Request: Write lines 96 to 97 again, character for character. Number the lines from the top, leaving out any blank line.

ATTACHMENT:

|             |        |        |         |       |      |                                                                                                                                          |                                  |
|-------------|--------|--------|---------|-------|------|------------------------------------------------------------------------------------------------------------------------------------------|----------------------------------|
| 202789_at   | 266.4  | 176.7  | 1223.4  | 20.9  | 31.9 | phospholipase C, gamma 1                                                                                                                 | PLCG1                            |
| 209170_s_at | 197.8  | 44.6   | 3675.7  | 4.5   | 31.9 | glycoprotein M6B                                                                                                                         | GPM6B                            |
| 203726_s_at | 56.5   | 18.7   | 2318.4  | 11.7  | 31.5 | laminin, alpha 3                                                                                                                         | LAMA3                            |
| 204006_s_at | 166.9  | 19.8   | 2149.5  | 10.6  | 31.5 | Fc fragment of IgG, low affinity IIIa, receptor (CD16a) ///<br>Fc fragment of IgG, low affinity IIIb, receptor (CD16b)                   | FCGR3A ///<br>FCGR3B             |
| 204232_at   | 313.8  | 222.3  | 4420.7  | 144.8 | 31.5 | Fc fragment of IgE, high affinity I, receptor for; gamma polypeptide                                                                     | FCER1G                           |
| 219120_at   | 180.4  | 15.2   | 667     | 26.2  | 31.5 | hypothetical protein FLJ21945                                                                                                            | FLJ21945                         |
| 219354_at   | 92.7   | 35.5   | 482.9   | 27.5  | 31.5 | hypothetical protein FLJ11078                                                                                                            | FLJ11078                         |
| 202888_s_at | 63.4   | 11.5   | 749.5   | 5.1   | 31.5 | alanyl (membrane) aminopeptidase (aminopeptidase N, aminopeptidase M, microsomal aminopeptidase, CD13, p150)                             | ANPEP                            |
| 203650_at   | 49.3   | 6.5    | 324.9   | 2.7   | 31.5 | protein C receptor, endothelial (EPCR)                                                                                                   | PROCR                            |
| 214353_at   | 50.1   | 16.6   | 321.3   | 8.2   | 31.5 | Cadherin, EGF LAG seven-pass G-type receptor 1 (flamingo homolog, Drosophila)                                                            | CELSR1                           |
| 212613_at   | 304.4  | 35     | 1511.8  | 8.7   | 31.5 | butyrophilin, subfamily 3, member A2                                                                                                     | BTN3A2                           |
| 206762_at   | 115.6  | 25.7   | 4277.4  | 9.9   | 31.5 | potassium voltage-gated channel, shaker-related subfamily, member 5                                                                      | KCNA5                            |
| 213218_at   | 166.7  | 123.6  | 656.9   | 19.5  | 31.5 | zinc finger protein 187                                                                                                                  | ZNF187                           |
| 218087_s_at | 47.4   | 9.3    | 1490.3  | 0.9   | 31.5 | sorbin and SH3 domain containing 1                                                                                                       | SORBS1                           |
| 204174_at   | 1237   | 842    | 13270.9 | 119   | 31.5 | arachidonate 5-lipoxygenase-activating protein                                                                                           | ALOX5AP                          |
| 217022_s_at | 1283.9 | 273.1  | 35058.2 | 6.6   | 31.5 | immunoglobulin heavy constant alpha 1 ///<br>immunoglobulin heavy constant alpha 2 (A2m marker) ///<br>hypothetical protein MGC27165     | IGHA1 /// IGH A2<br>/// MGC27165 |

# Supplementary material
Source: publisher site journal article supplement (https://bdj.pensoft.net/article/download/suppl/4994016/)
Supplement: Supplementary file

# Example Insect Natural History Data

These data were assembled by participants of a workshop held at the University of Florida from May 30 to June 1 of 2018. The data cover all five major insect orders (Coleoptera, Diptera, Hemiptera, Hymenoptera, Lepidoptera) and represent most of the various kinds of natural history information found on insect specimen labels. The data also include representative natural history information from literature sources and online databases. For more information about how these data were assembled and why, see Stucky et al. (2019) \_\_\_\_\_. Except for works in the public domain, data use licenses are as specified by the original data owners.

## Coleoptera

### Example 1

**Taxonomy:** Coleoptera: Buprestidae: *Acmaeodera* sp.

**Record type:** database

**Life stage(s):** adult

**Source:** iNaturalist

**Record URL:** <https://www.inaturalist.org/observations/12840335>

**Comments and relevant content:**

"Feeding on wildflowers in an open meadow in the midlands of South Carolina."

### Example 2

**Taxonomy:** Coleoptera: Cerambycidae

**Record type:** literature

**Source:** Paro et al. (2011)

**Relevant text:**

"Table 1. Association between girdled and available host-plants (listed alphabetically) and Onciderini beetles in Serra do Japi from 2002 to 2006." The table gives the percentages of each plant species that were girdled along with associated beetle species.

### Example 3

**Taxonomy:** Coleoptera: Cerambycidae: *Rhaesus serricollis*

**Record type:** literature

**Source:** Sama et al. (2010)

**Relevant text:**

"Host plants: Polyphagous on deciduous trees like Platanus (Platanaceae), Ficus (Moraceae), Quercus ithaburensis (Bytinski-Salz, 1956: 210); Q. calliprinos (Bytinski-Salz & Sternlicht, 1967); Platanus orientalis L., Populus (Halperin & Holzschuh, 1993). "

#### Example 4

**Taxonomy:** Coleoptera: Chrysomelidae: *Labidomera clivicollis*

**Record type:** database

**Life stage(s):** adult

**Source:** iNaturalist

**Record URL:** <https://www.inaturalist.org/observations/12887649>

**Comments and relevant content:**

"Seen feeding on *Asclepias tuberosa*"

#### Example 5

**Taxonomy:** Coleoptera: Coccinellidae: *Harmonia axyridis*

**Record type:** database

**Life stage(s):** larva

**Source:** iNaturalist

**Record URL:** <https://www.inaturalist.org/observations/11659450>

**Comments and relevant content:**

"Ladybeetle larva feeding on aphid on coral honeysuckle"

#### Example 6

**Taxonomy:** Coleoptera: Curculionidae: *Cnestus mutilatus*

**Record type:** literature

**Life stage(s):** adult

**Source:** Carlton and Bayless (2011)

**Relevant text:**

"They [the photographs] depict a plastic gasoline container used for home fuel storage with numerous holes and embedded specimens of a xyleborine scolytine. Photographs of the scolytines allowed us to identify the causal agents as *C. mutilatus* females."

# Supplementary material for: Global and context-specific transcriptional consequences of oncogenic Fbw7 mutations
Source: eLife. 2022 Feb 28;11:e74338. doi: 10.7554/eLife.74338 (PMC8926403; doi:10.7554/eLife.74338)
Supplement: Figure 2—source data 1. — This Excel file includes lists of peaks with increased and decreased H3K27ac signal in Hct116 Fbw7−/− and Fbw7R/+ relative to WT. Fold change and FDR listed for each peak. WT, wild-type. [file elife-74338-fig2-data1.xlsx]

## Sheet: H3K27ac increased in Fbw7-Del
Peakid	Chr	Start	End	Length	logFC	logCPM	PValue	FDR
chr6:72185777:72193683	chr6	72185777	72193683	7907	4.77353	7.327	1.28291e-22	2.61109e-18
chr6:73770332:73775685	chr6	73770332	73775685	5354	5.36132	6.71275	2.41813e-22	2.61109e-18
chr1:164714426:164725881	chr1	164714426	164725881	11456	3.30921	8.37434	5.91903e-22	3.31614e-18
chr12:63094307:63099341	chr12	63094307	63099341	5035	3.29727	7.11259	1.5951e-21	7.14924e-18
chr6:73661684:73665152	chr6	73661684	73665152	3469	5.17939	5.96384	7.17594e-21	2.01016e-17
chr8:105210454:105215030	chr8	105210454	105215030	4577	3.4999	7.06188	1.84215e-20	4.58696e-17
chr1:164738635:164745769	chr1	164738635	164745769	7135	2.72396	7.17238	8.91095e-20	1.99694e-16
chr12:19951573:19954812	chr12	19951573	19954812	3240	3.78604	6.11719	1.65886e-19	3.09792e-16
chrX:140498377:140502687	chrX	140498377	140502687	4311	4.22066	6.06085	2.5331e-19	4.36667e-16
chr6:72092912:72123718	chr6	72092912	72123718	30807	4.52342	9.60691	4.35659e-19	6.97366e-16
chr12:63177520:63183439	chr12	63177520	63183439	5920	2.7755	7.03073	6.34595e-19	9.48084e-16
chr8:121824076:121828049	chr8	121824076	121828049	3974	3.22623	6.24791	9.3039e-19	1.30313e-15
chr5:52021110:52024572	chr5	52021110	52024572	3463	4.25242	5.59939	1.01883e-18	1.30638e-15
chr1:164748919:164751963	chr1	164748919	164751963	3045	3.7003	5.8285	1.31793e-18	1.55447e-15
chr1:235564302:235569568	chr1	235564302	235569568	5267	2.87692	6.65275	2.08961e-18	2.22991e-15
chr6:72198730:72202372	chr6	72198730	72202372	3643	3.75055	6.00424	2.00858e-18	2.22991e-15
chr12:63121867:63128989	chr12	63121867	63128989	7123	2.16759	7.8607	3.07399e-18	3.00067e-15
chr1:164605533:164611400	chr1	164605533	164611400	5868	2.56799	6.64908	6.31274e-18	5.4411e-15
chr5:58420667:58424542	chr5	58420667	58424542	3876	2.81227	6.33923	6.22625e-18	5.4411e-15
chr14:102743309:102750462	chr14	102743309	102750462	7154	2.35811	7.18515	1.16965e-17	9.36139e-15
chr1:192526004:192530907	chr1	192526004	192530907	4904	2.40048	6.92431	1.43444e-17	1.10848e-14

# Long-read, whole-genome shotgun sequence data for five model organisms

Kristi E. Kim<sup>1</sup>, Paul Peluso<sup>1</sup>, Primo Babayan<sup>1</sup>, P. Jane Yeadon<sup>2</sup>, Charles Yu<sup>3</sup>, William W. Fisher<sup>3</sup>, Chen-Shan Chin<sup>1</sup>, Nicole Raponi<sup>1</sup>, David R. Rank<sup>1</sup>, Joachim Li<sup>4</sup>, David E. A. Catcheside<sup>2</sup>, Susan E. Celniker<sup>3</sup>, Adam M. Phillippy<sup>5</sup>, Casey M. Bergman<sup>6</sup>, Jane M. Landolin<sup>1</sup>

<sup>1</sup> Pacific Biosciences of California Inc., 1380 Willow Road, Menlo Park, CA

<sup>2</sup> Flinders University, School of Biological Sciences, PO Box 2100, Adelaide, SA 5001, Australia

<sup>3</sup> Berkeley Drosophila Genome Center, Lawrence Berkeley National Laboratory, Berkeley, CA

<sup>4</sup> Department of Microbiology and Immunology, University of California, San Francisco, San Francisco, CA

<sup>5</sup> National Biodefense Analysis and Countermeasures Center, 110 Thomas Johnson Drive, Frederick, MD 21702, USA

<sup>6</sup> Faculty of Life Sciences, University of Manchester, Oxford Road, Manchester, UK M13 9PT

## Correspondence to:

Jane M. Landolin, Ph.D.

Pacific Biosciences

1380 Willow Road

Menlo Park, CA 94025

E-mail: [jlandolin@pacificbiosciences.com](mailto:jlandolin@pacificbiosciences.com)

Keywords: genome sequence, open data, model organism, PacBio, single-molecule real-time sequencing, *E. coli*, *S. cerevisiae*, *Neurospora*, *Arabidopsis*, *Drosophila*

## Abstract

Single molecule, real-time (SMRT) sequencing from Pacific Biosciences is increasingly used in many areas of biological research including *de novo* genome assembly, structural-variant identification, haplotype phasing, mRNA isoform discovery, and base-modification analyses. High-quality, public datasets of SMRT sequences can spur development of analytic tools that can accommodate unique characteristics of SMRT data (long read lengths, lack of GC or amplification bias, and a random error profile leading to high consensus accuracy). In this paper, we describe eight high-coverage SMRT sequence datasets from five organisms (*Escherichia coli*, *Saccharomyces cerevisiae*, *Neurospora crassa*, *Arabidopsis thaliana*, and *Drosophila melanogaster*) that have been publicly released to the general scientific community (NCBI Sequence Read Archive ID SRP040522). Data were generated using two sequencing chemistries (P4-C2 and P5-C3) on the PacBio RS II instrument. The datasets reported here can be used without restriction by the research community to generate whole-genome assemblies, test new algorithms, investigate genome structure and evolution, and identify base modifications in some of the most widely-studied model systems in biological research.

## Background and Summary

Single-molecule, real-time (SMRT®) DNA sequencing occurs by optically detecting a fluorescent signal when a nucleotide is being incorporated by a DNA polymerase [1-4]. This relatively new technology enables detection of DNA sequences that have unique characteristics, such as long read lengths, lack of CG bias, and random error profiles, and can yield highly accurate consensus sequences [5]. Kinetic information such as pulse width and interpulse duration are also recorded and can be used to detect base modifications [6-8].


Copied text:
<sup>1</sup> Pacific Biosciences of California Inc., 1380 Willow Road, Menlo Park, CA

<sup>2</sup> Flinders University, School of Biological Sciences, PO Box 2100, Adelaide, SA 5001, Australia